Working as a nurse can be quite rewarding. Nurses get to engage directly with patients in a way many doctors simply cannot due to time constraints. They administer physical treatments, talk with patients about their conditions and monitor their progression as they recover (or in some cases, decline). Most patients understand the importance of the role filled by nurses, but few people really comprehend the risks nurses take every day.
Nursing is actually a relatively dangerous profession. Nurses have to handle dangerous compounds, bodily fluids and even unstable patients. They can end up exposed to all kinds of pathogens, but many times, the primary risk factor is in the strain of daily work. Nurses who develop serious, debilitating conditions as a result of their job deserve benefits, including Social Security Disability in cases where recovery is unlikely.
Bodily injuries are the biggest risk for nurses in the United States
According to the Occupational Safety and Health Administration, working in a hospital is actually more dangerous than working in construction. Hospitals report more injuries based on per capita employment than construction companies or even the mining industry. There are all kinds of risks, including patients with dementia or other serious mental health issues that could result in an assault or an accidental needle prick that leaves a nurse exposed to an infectious disease, like HIV.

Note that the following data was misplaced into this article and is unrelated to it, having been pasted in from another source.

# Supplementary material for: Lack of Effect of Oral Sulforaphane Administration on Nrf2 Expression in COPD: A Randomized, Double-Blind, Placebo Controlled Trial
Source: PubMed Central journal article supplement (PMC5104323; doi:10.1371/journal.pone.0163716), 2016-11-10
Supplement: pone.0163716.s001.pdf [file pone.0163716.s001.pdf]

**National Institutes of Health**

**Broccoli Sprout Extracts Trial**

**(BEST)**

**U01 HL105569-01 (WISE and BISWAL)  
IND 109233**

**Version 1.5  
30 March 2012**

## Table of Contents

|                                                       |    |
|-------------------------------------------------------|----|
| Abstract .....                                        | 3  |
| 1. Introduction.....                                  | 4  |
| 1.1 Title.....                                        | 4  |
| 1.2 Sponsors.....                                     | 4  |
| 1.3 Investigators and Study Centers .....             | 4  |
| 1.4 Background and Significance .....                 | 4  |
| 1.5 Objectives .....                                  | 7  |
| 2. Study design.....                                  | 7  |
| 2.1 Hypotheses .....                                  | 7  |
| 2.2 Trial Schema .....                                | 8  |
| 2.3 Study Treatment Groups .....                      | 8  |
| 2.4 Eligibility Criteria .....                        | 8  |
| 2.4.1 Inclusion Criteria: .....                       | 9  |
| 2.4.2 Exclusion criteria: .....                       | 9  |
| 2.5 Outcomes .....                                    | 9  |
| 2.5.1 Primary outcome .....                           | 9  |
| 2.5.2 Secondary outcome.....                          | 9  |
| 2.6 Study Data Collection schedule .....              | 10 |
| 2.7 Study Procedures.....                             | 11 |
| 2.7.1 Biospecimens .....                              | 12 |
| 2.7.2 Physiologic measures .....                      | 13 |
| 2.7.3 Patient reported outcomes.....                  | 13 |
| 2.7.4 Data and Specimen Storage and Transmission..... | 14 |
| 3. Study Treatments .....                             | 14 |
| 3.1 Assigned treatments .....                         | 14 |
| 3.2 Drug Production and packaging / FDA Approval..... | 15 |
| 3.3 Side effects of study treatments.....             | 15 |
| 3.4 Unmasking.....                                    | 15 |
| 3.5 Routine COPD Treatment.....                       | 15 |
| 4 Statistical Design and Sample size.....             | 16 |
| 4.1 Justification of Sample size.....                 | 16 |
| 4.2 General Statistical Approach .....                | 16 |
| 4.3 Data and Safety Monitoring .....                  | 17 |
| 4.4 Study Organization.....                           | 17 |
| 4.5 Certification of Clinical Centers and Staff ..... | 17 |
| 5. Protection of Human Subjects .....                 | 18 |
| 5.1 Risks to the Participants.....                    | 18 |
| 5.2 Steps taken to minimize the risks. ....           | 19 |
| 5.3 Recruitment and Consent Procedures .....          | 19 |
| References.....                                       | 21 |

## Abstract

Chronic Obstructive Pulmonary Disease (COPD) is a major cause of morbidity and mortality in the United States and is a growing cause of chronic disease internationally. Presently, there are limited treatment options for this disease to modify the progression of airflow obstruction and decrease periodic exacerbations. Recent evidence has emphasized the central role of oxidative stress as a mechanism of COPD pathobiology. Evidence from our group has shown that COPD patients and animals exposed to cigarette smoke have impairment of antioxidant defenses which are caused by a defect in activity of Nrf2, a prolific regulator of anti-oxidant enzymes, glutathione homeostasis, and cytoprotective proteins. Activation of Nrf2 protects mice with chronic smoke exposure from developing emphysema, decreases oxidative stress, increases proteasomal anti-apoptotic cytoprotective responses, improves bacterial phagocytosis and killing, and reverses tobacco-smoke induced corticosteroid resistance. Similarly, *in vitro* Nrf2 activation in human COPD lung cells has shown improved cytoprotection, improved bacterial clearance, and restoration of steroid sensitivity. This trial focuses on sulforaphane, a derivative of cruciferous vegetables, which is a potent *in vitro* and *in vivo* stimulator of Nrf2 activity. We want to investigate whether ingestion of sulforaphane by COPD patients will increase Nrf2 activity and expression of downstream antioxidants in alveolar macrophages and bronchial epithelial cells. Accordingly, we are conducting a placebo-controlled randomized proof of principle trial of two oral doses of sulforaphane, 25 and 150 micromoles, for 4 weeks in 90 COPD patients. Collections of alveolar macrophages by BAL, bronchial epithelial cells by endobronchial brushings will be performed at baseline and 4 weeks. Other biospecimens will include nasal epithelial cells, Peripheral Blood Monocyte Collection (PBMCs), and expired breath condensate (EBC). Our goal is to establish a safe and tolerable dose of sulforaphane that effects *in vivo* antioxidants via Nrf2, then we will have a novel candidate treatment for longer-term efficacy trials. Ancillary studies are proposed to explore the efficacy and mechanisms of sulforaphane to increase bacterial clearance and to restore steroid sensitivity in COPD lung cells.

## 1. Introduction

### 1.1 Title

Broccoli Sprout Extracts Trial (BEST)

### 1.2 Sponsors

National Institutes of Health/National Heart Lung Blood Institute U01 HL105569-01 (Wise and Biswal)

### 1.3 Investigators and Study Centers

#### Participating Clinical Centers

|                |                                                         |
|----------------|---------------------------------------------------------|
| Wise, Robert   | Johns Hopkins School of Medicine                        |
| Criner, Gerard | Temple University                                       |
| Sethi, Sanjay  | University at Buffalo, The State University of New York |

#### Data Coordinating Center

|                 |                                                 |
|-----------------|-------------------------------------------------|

However, nearly half of all injuries to hospital workers results from “overexertion and bodily reaction.” In other words, most injuries result from lifting, bending or reaching. Many serious injuries result from patient handling, such as getting an immobile, obese patient from one location to another. Strains and sprains account for roughly half of injuries that result in medical workers missing work. Both nurses and nursing assistants could easily incur this kind of injury.
An aging workforce meets a growing patient population
Many people in the nursing profession are aging, meaning that their bodies simply can not perform the way they used to. However, these nurses are still subject to rigorous and exhausting physical demands from their job. Combine the decrease in ability due to aging bones and joints with the increasing weight of the average American, and you have a perfect recipe for disabled nurses.
An injury that could keep a nurse from returning to work for weeks or even the rest of his or her life could occur in seconds. After an injury, nurses need to explore their options for moving on with their lives, including Social Security Disability if these skilled workers cannot return to their job because of the injury. When that happens, injured nurses with a permanent disability need to consider applying for Social Security Disability benefits.